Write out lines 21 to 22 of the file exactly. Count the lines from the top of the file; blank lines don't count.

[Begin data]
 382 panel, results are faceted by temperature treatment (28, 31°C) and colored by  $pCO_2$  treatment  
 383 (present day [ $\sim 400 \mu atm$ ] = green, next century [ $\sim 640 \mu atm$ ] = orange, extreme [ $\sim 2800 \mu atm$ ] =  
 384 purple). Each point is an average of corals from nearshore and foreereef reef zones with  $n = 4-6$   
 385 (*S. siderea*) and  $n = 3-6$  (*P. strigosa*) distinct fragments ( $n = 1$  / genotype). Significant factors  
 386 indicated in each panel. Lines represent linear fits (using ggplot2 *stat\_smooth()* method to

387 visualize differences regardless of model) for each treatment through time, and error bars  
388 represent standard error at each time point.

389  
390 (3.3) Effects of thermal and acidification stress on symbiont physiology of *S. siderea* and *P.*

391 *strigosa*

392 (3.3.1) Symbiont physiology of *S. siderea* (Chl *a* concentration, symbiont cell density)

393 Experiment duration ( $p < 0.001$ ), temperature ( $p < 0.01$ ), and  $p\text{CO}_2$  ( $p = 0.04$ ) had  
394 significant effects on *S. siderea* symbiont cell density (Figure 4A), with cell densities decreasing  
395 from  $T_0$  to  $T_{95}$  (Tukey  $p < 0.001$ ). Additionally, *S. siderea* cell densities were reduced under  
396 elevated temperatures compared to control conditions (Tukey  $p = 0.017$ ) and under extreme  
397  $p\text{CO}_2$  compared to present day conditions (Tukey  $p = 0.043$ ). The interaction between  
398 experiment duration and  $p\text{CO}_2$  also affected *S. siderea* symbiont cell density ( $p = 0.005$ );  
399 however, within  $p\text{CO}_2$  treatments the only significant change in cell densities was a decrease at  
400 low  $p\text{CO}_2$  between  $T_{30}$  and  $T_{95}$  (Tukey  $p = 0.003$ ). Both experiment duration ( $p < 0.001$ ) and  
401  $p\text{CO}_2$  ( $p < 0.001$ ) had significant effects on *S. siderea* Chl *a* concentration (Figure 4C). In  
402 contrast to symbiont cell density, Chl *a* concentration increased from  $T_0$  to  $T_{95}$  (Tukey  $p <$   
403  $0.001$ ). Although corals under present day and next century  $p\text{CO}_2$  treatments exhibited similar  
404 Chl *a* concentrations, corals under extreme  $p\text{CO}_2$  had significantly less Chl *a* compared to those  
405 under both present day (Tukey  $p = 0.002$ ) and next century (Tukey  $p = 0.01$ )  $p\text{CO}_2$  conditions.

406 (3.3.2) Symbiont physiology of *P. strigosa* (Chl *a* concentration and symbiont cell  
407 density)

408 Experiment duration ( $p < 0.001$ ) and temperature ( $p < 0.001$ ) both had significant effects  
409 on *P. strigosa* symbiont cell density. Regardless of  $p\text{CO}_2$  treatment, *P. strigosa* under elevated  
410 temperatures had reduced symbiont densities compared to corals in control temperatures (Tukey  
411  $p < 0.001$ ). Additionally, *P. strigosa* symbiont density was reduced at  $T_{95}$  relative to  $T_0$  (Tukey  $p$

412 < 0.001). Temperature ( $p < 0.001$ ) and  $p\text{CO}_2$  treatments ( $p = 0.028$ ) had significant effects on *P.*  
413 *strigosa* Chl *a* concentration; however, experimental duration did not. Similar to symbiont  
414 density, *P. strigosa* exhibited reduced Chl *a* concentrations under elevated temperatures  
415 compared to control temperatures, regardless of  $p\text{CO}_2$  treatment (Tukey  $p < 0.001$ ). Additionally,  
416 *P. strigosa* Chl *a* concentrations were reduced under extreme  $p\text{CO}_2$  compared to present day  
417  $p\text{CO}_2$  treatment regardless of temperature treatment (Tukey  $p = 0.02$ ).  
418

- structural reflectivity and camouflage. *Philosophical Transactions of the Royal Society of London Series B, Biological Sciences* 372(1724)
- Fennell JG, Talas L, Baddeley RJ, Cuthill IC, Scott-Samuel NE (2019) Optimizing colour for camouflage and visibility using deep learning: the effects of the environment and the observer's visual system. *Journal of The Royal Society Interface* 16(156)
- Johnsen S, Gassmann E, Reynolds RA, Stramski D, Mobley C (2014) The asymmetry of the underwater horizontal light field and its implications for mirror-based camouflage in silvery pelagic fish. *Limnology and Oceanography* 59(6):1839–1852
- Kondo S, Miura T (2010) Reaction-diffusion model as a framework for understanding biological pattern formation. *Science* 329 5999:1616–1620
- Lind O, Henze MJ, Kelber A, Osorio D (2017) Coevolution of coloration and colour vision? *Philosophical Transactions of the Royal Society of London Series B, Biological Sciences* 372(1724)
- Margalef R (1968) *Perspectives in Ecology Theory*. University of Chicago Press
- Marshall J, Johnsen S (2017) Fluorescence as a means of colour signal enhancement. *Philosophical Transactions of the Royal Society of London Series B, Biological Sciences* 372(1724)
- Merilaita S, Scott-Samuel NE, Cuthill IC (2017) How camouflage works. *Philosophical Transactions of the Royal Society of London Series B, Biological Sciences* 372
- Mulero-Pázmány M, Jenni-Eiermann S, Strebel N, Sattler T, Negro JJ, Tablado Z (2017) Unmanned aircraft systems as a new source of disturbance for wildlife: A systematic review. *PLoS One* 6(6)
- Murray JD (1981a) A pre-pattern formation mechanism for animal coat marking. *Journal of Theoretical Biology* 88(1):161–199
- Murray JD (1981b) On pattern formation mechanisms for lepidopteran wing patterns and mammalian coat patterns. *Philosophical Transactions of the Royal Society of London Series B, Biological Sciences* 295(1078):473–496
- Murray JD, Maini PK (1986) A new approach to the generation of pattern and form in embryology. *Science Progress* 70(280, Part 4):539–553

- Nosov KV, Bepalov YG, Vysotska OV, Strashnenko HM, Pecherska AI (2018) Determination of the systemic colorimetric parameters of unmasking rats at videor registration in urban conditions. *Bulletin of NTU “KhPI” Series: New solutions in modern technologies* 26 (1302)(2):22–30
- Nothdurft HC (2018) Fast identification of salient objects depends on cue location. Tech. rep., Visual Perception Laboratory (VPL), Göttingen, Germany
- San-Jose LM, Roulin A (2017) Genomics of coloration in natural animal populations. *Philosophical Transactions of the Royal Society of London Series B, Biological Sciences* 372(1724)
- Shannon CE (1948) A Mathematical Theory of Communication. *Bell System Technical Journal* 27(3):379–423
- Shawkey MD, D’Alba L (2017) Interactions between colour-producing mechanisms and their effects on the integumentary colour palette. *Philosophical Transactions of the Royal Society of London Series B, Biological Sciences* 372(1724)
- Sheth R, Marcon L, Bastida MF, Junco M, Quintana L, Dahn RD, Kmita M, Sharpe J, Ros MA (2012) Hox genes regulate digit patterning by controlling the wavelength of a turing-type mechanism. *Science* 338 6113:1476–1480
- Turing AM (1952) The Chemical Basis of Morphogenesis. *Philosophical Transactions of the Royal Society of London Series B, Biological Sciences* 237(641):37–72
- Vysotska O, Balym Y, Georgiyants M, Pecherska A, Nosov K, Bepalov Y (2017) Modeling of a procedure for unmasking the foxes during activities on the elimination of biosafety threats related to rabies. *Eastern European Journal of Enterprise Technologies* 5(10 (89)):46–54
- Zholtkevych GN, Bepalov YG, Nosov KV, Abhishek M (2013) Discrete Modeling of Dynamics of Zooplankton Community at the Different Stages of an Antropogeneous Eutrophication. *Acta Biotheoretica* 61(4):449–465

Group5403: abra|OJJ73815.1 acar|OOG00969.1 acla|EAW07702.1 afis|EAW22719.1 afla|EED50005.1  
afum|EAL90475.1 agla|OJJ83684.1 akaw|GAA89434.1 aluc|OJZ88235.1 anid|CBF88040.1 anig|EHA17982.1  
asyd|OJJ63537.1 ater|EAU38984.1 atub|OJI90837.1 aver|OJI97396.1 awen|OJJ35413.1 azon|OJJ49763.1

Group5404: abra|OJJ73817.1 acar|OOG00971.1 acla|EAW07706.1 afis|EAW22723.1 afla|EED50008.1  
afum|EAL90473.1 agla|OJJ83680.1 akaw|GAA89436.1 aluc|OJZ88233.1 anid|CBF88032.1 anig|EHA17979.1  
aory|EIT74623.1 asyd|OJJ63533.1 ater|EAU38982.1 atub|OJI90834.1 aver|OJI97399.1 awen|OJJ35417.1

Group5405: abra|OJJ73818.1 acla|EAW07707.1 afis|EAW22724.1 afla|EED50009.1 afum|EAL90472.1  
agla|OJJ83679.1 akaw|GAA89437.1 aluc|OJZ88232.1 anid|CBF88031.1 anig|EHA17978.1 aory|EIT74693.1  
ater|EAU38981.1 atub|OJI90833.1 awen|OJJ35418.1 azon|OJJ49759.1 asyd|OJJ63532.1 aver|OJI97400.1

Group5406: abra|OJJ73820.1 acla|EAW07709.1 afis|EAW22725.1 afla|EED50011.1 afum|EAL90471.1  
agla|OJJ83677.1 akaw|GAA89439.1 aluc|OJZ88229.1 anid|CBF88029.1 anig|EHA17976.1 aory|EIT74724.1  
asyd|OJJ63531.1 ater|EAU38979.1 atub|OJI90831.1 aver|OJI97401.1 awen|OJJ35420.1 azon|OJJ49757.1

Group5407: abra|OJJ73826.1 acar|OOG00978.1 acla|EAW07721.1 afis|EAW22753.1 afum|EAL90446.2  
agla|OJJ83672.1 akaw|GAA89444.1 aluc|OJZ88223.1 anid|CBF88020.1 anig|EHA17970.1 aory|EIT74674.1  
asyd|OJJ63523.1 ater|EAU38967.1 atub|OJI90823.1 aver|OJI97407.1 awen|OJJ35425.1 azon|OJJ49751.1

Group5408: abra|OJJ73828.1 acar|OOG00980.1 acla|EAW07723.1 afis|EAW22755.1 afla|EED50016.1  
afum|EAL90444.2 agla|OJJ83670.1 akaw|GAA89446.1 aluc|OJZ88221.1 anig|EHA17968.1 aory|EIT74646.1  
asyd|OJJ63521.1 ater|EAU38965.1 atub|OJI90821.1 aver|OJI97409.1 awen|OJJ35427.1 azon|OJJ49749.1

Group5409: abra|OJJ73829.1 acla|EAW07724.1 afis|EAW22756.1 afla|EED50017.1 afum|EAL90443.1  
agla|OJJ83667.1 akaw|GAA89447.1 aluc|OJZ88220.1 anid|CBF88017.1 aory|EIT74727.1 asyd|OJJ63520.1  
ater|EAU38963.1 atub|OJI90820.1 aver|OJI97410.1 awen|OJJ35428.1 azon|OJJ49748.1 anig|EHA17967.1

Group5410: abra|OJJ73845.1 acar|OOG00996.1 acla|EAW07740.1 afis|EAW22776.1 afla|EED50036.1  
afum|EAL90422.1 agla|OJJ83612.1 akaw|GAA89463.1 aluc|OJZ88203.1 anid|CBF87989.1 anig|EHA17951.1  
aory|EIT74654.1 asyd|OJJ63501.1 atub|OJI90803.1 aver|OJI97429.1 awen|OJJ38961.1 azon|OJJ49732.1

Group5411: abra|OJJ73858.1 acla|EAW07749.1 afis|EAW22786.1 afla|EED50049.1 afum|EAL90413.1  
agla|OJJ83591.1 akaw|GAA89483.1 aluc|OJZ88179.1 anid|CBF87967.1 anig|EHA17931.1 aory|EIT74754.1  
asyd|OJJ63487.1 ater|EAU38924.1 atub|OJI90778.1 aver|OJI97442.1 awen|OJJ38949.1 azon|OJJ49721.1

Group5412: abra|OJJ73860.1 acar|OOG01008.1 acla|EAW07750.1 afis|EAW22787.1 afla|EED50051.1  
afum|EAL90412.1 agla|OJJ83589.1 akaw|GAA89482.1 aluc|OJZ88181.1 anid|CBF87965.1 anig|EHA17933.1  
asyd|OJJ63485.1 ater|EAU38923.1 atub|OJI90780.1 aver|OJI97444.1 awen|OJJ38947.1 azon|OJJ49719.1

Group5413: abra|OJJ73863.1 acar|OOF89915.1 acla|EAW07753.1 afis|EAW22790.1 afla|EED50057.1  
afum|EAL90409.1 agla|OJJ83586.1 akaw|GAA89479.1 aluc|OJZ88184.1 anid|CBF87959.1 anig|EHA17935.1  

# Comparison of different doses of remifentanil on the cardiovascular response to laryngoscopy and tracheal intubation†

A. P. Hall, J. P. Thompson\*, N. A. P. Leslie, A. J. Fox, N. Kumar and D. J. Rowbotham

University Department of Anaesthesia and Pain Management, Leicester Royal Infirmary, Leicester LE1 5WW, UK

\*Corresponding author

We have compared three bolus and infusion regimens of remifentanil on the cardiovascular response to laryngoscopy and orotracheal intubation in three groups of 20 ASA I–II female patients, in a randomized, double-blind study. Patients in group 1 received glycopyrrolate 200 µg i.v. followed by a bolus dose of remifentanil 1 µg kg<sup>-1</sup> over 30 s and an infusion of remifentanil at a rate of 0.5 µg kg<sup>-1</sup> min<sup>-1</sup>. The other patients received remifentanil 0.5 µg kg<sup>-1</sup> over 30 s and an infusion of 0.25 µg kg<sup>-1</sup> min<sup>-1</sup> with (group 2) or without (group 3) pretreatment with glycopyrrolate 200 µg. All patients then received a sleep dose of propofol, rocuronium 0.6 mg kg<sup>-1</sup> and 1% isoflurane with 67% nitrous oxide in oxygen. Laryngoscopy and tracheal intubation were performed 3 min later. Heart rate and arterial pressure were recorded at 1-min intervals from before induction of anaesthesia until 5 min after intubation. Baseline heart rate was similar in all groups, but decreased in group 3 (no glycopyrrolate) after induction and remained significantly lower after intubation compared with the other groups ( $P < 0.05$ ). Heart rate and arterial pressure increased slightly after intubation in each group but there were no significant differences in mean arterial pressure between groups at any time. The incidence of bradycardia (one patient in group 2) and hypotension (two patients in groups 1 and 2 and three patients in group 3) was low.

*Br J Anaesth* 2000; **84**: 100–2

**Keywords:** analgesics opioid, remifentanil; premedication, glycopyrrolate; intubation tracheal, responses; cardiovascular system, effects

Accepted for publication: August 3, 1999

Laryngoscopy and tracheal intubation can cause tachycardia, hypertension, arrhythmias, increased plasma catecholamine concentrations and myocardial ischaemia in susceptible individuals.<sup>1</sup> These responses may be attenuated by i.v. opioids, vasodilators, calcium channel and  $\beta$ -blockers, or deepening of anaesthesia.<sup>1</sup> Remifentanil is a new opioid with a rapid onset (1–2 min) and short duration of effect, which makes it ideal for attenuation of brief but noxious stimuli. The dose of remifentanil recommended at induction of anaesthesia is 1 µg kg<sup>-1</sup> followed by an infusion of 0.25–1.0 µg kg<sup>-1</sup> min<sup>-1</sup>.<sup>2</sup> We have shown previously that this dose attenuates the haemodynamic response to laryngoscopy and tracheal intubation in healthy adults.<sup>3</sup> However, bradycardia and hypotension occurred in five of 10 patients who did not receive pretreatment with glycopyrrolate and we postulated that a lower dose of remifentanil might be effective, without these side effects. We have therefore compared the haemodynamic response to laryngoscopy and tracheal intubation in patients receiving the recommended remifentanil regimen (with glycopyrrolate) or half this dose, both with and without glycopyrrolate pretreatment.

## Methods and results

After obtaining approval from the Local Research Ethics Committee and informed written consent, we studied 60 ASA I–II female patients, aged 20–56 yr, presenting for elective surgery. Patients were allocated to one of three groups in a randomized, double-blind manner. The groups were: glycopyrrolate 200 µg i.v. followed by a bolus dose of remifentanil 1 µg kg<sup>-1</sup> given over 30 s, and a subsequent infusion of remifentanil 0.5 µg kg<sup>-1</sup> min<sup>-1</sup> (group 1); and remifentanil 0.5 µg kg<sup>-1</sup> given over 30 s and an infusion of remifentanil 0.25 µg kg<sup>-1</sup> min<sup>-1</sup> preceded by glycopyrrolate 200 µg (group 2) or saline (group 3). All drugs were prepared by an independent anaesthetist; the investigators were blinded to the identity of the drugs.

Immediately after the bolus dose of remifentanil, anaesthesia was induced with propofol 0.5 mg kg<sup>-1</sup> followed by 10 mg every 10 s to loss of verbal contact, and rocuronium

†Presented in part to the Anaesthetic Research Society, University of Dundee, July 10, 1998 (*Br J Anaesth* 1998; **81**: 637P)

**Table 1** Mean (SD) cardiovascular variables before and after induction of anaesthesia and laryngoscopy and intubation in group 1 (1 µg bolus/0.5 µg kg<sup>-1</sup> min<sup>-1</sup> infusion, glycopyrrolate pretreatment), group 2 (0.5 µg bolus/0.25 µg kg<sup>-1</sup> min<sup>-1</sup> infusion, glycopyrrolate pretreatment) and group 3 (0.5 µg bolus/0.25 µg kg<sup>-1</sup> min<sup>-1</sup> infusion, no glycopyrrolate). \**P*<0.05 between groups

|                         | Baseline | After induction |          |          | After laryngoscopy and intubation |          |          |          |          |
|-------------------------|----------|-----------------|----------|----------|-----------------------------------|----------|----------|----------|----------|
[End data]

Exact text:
402 contrast to symbiont cell density, Chl *a* concentration increased from  $T_0$  to  $T_{95}$  (Tukey  $p <$   
403  $0.001$ ). Although corals under present day and next century  $p\text{CO}_2$  treatments exhibited similar  